Should you buy fresh or frozen broccoli? Year round, frozen and fresh broccoli are a good choice.  Both are excellent sources of vitamins and other phytonutrients.

Vitamin Retention in Fresh and Frozen Carrots

Whether steamed, roasted or served raw with a dip, carrots are a popular vegetable choice.  Carrots are a great source of β-Carotene, a metabolic precursor to vitamin A.  In fact, a 0.5 cup serving of baby carrots provides 95% of the daily recommended value of Vitamin A.5

Vitamin Content in Frozen Carrots and Fresh Carrots

The researchers found that during the course of frozen storage, carrots lost more than 50% of their β-carotene content.  Fresh storage wasn’t great either.  Fresh carrots lost at least 15% of their β-carotene during the 10-day refrigerated storage.  It is worth noting that the “fresh” carrots you are buying at the grocery store may be have been harvested months, not days, before you buy them.6  Those bagged carrots likely have significantly lower levels of β-carotene than those studied by the scientists at UC Davis.

Should you buy fresh or frozen carrots?  Carrots are an excellent source of β-carotene, the metabolic precursor to Vitamin A.  However, levels of β-carotene decrease during both frozen and fresh storage.  To maximize β-carotene from the fresh carrots you eat, buy carrots with the green leafy tops.  The presence of the leafy tops reduces the shelf life of these carrot, making them the freshest option available at a grocery store.  Snackable ‘baby’ carrots are the next best option as they are more perishable than the large bags of carrots.  It is worth noting that β-carotene is an oil-soluble vitamin.  So you need to eat it with some source of oil or fat to maximize its absorption.  (Read more on why healthy salads need some fat.)

Vitamin Retention in Fresh and Frozen Spinach

Spinach is another nutrient dense vegetable.  One cup of baby spinach provides 121% of the daily recommended value of Vitamin K (not evaluated in this study).Spinach is also a good source of vitamin C, vitamin E, and riboflavin.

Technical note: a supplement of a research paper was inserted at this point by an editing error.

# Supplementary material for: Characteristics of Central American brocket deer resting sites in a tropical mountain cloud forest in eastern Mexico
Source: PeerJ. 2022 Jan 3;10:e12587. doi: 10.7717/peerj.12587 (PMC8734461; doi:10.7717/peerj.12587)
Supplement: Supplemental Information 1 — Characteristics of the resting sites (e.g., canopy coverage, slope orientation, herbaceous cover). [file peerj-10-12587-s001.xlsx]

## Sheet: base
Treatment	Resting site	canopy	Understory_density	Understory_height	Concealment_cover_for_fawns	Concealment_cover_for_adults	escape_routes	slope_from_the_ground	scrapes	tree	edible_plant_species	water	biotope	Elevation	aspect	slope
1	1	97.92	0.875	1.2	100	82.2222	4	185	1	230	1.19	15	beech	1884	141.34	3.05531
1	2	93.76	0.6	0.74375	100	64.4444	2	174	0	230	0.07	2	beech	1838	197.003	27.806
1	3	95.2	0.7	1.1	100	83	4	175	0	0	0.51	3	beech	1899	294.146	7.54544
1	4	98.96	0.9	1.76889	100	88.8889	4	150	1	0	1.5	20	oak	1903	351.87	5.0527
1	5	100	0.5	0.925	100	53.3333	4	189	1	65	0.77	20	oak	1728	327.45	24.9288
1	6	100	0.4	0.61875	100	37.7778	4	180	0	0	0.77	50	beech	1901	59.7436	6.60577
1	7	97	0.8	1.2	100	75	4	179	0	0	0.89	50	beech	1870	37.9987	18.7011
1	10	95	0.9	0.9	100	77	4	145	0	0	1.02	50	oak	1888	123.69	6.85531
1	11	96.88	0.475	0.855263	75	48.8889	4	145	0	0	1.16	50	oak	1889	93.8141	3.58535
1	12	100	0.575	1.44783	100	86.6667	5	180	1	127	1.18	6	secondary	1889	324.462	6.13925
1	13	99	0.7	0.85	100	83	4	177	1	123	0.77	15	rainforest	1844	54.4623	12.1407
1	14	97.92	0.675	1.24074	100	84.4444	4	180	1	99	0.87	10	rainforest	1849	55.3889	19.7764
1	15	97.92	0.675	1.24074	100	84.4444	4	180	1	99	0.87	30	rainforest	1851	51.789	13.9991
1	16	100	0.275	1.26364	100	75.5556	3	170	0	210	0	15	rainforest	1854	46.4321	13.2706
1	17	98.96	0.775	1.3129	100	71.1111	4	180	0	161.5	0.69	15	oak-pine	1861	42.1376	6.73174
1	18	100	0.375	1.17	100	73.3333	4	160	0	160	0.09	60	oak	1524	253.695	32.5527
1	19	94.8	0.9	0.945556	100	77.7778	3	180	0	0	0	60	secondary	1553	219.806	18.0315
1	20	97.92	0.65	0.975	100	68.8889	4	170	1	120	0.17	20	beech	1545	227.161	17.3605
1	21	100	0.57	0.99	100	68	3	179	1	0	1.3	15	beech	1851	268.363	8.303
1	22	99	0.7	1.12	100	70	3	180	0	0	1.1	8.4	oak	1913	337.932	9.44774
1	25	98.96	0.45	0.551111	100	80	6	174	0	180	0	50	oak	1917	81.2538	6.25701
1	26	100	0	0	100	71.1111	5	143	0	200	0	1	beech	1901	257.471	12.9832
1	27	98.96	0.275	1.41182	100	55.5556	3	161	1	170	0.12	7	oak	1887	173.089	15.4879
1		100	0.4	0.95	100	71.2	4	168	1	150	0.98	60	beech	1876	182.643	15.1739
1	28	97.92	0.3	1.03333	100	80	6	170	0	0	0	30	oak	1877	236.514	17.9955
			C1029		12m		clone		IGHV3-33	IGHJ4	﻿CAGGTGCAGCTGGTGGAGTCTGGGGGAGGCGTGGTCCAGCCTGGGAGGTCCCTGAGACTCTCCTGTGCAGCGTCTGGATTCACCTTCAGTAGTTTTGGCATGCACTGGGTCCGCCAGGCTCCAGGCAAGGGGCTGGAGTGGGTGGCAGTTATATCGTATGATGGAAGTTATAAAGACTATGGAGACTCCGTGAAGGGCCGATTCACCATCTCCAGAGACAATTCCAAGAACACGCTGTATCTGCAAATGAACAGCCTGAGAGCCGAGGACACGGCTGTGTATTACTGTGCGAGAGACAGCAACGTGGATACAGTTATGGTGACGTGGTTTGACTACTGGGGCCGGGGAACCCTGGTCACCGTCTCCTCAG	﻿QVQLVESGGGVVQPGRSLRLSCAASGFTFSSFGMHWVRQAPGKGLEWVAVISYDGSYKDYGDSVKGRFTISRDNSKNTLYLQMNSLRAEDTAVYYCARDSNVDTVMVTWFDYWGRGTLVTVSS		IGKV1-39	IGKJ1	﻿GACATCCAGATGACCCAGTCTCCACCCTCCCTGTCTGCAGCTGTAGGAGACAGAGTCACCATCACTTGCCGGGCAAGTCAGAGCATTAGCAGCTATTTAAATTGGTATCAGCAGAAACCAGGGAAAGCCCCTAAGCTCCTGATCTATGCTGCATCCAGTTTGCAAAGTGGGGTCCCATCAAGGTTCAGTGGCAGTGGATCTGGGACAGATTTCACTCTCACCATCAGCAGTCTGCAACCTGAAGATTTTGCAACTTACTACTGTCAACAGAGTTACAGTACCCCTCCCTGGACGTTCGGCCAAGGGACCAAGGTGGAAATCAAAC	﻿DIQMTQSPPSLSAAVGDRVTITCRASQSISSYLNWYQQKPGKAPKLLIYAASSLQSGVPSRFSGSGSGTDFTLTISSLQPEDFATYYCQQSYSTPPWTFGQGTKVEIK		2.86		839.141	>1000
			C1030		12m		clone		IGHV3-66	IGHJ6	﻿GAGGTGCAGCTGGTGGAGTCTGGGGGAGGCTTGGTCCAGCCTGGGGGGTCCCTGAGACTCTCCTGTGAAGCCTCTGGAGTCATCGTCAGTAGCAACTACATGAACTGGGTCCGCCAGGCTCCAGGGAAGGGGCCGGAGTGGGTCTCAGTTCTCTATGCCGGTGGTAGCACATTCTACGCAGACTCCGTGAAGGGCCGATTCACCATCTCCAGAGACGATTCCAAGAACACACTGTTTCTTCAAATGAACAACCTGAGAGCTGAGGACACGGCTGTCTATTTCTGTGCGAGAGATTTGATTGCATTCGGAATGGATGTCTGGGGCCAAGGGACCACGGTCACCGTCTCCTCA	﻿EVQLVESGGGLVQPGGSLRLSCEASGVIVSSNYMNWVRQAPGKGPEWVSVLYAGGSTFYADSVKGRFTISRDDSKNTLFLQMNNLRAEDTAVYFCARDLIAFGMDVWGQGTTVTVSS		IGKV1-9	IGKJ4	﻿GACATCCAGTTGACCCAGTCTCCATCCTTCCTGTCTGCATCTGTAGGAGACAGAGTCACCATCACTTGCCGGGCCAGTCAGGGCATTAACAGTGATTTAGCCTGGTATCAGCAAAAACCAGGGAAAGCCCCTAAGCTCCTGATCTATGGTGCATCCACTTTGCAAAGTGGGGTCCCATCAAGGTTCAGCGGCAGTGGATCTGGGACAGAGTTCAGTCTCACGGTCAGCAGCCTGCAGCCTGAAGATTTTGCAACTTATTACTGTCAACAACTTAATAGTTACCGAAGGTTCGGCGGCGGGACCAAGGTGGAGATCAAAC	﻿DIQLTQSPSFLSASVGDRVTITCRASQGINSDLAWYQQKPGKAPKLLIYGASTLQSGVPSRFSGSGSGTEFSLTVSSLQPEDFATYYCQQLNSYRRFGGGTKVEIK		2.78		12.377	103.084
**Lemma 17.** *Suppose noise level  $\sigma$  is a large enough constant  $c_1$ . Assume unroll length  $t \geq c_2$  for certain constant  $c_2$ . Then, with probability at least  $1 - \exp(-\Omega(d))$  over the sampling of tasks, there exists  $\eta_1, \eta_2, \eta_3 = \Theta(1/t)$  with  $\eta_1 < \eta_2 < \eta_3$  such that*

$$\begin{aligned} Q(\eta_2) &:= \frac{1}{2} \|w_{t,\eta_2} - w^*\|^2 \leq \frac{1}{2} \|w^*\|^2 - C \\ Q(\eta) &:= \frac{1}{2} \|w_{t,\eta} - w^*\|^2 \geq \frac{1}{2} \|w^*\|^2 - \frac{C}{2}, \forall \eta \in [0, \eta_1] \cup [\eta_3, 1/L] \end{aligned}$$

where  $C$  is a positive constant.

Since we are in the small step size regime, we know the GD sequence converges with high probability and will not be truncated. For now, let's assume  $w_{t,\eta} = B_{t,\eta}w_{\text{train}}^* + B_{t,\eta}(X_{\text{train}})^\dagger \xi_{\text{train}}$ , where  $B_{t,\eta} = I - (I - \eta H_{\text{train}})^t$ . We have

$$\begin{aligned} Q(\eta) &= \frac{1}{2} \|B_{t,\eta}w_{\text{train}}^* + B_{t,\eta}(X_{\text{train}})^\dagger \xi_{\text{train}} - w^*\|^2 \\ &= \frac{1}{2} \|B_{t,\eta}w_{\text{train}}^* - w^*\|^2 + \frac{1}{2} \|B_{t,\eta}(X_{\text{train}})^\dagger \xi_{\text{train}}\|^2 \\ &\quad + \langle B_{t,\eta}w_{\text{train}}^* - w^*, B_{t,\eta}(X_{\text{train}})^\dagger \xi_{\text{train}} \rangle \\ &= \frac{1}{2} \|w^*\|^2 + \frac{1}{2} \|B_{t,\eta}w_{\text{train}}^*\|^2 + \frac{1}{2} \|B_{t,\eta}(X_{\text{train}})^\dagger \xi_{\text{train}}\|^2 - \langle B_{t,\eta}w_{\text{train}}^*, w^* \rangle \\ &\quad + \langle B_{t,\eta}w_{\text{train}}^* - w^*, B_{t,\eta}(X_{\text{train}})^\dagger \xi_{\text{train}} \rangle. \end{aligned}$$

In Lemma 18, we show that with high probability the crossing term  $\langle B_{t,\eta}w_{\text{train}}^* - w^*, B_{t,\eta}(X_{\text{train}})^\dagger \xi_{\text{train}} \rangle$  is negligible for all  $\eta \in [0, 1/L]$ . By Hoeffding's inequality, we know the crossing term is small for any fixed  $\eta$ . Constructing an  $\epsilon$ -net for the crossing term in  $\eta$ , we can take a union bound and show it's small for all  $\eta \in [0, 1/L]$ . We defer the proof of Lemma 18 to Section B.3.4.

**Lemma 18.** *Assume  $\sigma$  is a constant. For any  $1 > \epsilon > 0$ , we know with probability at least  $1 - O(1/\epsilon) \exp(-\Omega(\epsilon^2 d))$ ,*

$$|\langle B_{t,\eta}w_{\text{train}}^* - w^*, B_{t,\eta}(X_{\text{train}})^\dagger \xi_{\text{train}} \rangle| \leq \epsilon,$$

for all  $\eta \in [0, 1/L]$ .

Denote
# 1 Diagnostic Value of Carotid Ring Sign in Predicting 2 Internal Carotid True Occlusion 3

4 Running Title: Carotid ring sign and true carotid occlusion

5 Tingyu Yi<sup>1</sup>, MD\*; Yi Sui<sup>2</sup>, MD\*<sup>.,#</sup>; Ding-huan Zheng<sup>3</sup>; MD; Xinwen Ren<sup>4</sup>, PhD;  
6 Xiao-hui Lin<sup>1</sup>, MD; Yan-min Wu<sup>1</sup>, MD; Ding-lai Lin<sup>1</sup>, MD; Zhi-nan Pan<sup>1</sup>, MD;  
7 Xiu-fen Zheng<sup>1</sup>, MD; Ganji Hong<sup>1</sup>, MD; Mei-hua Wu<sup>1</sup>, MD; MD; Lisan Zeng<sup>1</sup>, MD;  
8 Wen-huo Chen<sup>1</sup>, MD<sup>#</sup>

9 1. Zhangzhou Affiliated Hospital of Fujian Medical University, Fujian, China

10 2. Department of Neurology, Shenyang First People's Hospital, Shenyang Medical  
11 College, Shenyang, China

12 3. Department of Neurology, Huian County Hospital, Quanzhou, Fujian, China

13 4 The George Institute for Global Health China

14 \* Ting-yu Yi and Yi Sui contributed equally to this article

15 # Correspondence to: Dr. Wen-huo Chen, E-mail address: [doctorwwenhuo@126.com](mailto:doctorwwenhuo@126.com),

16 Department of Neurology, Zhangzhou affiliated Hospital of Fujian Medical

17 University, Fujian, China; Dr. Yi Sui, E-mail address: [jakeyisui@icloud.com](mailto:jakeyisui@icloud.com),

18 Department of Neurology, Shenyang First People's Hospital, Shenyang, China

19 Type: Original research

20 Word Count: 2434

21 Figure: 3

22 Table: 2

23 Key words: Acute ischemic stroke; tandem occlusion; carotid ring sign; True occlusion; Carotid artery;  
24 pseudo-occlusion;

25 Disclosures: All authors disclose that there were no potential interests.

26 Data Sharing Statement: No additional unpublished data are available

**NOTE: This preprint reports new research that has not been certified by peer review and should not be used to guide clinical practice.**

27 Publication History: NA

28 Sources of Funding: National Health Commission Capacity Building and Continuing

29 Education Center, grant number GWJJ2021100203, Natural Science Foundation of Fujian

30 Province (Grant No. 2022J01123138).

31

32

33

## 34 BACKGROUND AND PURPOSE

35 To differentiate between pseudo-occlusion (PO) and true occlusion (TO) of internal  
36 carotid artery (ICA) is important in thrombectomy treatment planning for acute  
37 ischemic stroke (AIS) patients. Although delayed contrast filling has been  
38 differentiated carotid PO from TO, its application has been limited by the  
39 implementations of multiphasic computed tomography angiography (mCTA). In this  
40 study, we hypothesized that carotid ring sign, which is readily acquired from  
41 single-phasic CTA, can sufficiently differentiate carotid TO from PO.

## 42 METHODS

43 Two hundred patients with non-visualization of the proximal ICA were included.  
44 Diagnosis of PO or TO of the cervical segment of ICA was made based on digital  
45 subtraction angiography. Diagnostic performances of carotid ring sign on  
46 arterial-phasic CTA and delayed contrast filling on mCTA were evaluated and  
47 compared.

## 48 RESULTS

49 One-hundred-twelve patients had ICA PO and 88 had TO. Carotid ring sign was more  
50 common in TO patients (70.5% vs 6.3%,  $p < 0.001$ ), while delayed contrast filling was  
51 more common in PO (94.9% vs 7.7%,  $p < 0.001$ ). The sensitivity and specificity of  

Vitamin Content in Frozen Spinach and Fresh Spinach

The UC Davis scientists found that with the exception of β-carotene, all vitamins evaluated in this study were retained during all storage conditions.

Should you buy fresh or frozen spinach? Year round, either frozen or fresh spinach is a good choice as both are excellent sources of most vitamins and other phytonutrients.  If you are looking to to maximize your Vitamin A intake, consider eating salads made with baby spinach as fresh spinach looses less β-carotene than frozen spinach during storage.

Vitamin Retention in Fresh and Frozen Green Beans

Green beans are another popular vegetable that are found year round in many grocery stores.  Though they have lower vitamin levels than other green veggies like spinach and broccoli, green beans are a still a good source of vitamins and other nutrients.

Vitamin Content in Frozen Green Beans and Fresh Green Beans

The scientists found no loss of vitamin levels was found for green beans during any of the frozen or fresh storage conditions.

Should you buy fresh or frozen green beans? Year round, either frozen or fresh green beans are a good choice.  None of the storage conditions studied showed a loss of vitamins.

Vitamin Retention in Fresh and Frozen Corn

Fresh sweet corn is one of the few vegetables that is hard to buy year round.  During the winter months, if you want sweet corn, your only option is frozen or canned.  Corn has relatively low vitamin levels when compared with other nutrient dense veggies like spinach and broccoli.